With the development of his eccentrically named certification program, Daniels hopes to foster a greater sense of respect for beer while avoiding some of the snootiness and pretension associated with wine stewardship.

Article appeared in December 2007 issue of Beverage Magazine.

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Molson Coors To Increase Its Focus On The Better Beer Segment

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Reports in the Wall Street Journal and the Rocky Mountain Daily News today bring news that the Molson Coors Brewing Company has incorporated a high-end beer division to compete in the better beer segment. The RMDN article reports:

Coors Brewing Co. plans to roll out upscale beers via a new Golden-based unit called AC Golden Brewery.

The new “brand incubation company” will “introduce above-premium beers to the marketplace using a new approach” that’s less splashy than typical “national rollouts,” according to a Coors announcement obtained by the Rocky Mountain News that was distributed to company employees and distributors.

The news was first reported by Beer Marketer’s Insights Express, a trade industry publication.

Golden-based Coors’ chief brands are Coors Light, Keystone Light and Blue Moon.

Incorporation papers filed in April with the Colorado secretary of state’s office list an AC Golden Brewing Co. formed by Pete Coors. Coors is chairman of Coors Brewing and vice chairman of parent Molson Coors.

According to the Coors announcement, AC Golden Brewery will introduce its brands in the similar stealth way Coors built up its Blue Moon brand. A number of craft beer drinkers who enjoy Blue Moon Belgian White Ale aren’t aware it’s a Coors product.

Coors has long been slow to adjust to changes in the beverage alcohol market (Aspen Edge anyone?). Despite its missteps, Coors has a long proven dedication to the better beer segment. Check out the Beer Scribe interview with Tom Hail, brewer for the Sandlot Brewery at Coors Field to learn more about Coors’ history in the better beer segment.  I look forward to seeing what offerings this division serves up and whether the brewery continues to treat its specialty releases with respect.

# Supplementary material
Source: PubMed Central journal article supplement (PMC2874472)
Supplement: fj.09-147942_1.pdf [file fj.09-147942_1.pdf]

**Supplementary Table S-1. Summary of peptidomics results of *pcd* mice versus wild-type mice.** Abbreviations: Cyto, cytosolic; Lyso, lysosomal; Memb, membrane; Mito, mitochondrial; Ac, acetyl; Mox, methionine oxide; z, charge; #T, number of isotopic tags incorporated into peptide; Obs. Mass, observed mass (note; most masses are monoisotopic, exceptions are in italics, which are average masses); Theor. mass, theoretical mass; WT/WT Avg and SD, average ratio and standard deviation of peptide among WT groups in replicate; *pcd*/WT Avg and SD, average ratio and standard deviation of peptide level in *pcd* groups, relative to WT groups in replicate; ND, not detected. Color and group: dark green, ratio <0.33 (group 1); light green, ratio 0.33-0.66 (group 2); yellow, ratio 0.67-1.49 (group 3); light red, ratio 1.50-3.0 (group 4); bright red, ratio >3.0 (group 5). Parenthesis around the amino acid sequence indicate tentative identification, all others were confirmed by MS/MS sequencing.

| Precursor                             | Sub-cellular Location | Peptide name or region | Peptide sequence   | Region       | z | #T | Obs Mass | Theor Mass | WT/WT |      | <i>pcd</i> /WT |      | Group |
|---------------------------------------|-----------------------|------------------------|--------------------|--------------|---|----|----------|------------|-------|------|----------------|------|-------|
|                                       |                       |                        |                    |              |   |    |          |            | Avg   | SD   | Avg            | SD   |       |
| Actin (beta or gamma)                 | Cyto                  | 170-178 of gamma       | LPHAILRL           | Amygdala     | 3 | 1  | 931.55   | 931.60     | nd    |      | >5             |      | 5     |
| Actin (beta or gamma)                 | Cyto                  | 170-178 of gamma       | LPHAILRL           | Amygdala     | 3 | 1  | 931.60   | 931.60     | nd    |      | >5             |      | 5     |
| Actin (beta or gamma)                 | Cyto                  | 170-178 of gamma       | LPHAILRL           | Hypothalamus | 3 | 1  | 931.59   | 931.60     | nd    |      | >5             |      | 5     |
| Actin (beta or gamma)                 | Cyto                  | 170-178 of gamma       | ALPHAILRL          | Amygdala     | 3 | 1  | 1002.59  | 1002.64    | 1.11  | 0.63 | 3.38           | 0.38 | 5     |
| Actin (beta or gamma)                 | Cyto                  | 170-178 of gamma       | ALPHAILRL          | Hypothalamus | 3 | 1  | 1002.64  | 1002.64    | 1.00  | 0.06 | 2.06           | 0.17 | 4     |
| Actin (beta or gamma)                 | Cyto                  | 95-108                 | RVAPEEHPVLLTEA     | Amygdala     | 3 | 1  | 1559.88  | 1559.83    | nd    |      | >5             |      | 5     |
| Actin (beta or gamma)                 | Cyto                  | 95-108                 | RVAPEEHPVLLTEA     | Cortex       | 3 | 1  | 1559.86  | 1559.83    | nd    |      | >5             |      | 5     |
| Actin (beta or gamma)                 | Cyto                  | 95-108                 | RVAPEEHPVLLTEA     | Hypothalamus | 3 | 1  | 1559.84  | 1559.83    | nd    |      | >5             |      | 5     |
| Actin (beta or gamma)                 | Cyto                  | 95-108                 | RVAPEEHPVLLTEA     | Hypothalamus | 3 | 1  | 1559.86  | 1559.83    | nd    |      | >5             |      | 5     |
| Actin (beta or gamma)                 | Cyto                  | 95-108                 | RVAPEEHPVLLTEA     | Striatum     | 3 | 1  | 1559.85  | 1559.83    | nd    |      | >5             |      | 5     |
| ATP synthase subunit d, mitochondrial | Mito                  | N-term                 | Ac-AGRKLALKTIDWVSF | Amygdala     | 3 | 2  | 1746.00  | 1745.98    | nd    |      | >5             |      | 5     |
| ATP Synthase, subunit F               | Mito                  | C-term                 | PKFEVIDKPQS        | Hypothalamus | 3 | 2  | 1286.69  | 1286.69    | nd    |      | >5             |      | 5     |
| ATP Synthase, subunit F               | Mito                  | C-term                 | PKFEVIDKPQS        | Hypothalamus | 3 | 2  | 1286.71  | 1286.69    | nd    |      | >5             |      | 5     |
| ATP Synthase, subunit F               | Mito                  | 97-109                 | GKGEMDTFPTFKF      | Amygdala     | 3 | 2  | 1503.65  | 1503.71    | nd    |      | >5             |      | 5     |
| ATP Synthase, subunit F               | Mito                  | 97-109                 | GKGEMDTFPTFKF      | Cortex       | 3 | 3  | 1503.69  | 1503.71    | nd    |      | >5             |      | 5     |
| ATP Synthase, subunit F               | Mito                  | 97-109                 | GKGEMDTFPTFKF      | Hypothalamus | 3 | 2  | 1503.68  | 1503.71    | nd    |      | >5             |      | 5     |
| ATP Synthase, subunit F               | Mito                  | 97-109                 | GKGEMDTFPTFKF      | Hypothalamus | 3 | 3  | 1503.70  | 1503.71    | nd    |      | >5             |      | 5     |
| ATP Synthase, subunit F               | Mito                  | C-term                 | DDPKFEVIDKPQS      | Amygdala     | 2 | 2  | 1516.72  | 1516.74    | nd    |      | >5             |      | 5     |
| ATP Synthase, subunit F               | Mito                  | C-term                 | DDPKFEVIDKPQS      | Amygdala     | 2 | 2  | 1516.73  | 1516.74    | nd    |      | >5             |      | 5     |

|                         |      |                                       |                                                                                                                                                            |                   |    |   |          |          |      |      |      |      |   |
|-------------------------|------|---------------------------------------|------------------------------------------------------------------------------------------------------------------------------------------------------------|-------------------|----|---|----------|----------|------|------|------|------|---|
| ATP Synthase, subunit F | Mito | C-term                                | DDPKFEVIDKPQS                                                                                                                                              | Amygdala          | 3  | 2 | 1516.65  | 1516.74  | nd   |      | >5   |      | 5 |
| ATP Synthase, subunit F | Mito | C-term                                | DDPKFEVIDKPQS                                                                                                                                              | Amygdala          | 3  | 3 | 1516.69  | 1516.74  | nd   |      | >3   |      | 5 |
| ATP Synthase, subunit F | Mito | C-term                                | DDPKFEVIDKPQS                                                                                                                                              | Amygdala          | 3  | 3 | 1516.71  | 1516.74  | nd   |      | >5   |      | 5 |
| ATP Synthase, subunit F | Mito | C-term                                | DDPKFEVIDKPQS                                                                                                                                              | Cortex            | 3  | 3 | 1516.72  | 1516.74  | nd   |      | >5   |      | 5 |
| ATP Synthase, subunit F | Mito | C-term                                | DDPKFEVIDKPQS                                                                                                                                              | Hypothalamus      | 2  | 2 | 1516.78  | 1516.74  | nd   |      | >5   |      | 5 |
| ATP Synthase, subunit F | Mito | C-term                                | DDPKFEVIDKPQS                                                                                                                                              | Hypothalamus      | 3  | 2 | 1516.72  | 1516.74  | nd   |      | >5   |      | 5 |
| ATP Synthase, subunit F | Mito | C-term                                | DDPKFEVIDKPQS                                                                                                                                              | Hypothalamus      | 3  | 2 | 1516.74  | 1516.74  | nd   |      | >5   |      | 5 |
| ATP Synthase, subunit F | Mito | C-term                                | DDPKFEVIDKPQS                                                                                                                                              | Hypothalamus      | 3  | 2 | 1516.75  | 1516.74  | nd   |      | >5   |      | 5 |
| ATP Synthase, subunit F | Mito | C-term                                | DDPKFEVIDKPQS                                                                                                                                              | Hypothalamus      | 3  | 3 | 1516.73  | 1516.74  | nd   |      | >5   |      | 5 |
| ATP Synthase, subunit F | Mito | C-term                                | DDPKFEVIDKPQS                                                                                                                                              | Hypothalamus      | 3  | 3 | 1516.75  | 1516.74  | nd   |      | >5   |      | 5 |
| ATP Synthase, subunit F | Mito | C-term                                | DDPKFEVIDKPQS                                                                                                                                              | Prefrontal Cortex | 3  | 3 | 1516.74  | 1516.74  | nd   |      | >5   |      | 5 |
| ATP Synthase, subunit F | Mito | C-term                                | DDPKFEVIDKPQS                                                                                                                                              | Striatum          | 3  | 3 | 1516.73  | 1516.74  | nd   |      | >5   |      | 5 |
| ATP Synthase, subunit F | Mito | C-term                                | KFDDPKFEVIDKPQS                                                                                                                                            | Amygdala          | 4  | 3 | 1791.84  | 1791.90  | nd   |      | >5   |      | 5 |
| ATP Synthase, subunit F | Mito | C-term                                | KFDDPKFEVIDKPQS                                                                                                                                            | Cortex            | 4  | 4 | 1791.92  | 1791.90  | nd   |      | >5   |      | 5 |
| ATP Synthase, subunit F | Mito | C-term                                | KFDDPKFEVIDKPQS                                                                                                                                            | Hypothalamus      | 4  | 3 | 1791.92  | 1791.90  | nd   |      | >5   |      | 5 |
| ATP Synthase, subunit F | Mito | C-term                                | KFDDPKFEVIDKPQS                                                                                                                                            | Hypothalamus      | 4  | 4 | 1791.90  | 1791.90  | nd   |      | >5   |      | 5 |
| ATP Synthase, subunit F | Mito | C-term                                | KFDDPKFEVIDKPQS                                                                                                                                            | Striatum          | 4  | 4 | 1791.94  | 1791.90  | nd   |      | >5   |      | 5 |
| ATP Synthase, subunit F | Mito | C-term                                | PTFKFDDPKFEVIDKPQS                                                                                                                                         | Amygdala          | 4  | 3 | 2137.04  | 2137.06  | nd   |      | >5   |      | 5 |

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The Curious Case of Blue Moon…

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Forty years ago, people described Coors’s flagship Banquet Beer as having a ‘mystique’ to it. Loyal fans would prod, coax, and bribe their westward traveling friends to lug cases of the beer back to the East Coast. The ‘Coors mystique’ may seem long out-of-date now but the Colorado brewery is slowly building a new mysterious brand.

The buzz in the beer industry is all about the explosive growth of craft beer. In the last three years, the category has boomed with 31-percent growth. While the news is a well-deserved reward for craft brewers, the accolades have obscured some of the more significant repercussions of their accomplishments. In response to the American palate’s sweeping shift away from lifeless beers, most corporate breweries have buried their heads in Olympic-size fermentation tanks or released their own ill-conceived, faux-craft brands. The approaches have seen little success, save for one.